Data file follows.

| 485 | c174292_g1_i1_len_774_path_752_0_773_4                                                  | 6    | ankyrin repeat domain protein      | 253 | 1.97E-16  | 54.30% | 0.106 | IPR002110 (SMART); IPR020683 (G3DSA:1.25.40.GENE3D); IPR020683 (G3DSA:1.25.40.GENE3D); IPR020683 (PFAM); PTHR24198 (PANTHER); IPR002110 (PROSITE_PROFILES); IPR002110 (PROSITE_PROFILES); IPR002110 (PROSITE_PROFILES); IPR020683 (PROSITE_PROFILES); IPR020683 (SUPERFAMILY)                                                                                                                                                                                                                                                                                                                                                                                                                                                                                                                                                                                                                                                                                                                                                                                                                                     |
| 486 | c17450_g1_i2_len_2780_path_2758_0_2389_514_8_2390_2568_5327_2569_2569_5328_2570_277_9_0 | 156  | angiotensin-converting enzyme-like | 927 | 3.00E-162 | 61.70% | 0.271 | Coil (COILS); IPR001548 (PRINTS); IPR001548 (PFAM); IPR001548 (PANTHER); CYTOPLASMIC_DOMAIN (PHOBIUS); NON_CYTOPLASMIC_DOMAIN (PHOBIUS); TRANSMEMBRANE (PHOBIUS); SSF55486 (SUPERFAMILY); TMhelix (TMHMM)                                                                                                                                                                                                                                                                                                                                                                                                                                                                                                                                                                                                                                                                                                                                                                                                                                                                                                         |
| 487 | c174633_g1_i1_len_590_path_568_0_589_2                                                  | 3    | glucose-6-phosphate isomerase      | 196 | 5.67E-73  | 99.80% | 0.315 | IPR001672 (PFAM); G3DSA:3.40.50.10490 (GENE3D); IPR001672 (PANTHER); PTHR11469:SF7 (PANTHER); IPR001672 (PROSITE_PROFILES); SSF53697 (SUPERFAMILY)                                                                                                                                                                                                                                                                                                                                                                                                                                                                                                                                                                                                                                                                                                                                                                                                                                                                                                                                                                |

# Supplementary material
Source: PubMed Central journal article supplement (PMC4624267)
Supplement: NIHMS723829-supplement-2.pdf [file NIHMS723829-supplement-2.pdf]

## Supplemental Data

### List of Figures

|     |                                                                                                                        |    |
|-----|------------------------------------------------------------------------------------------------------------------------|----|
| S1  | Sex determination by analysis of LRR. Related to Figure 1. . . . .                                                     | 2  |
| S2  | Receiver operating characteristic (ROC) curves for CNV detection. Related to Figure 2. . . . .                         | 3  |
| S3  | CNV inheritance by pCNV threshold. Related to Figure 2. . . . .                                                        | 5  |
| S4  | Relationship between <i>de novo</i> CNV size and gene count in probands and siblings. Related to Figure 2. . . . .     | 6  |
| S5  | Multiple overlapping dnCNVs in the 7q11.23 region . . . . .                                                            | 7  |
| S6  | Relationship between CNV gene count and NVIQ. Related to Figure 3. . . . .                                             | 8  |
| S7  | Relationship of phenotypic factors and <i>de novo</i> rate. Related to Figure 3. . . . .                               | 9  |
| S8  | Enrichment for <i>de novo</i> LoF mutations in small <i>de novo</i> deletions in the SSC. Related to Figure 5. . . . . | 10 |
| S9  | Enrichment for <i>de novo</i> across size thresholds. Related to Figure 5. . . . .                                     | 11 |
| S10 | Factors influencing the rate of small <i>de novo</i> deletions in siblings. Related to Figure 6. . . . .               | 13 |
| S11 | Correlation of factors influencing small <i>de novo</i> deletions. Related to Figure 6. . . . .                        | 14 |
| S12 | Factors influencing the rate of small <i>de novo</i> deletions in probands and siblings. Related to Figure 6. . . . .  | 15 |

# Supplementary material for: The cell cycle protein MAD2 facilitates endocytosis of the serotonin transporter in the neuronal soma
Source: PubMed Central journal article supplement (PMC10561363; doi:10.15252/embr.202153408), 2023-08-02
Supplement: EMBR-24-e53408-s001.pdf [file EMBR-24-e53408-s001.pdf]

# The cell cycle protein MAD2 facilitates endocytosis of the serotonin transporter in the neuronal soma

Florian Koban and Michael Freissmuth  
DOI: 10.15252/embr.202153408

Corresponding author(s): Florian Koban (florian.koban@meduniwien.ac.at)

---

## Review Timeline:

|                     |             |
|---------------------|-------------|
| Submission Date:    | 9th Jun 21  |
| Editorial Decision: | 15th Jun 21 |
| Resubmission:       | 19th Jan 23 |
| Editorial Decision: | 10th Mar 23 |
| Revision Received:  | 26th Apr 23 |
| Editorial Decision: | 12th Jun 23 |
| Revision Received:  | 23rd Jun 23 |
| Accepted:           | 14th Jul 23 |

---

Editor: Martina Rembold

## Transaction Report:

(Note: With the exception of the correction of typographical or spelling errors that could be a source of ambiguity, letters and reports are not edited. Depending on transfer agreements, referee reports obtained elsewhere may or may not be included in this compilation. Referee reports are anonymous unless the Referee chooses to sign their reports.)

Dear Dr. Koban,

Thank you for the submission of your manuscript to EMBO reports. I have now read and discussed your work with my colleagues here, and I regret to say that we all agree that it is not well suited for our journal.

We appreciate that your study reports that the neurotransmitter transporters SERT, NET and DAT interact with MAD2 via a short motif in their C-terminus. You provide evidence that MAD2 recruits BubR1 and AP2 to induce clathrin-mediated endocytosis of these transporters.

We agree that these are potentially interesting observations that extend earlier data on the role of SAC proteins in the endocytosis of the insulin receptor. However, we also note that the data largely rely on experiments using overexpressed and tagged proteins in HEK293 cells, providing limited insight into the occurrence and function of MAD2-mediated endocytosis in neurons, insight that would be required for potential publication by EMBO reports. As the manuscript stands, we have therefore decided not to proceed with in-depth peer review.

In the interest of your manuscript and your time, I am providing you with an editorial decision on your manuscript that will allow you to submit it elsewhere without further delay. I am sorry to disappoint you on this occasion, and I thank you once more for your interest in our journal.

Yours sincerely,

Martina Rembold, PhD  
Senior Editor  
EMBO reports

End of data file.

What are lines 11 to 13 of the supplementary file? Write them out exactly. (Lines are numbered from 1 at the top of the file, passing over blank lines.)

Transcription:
| S1  | Sex determination by analysis of LRR. Related to Figure 1. . . . .                                                     | 2  |
| S2  | Receiver operating characteristic (ROC) curves for CNV detection. Related to Figure 2. . . . .                         | 3  |
| S3  | CNV inheritance by pCNV threshold. Related to Figure 2. . . . .                                                        | 5  |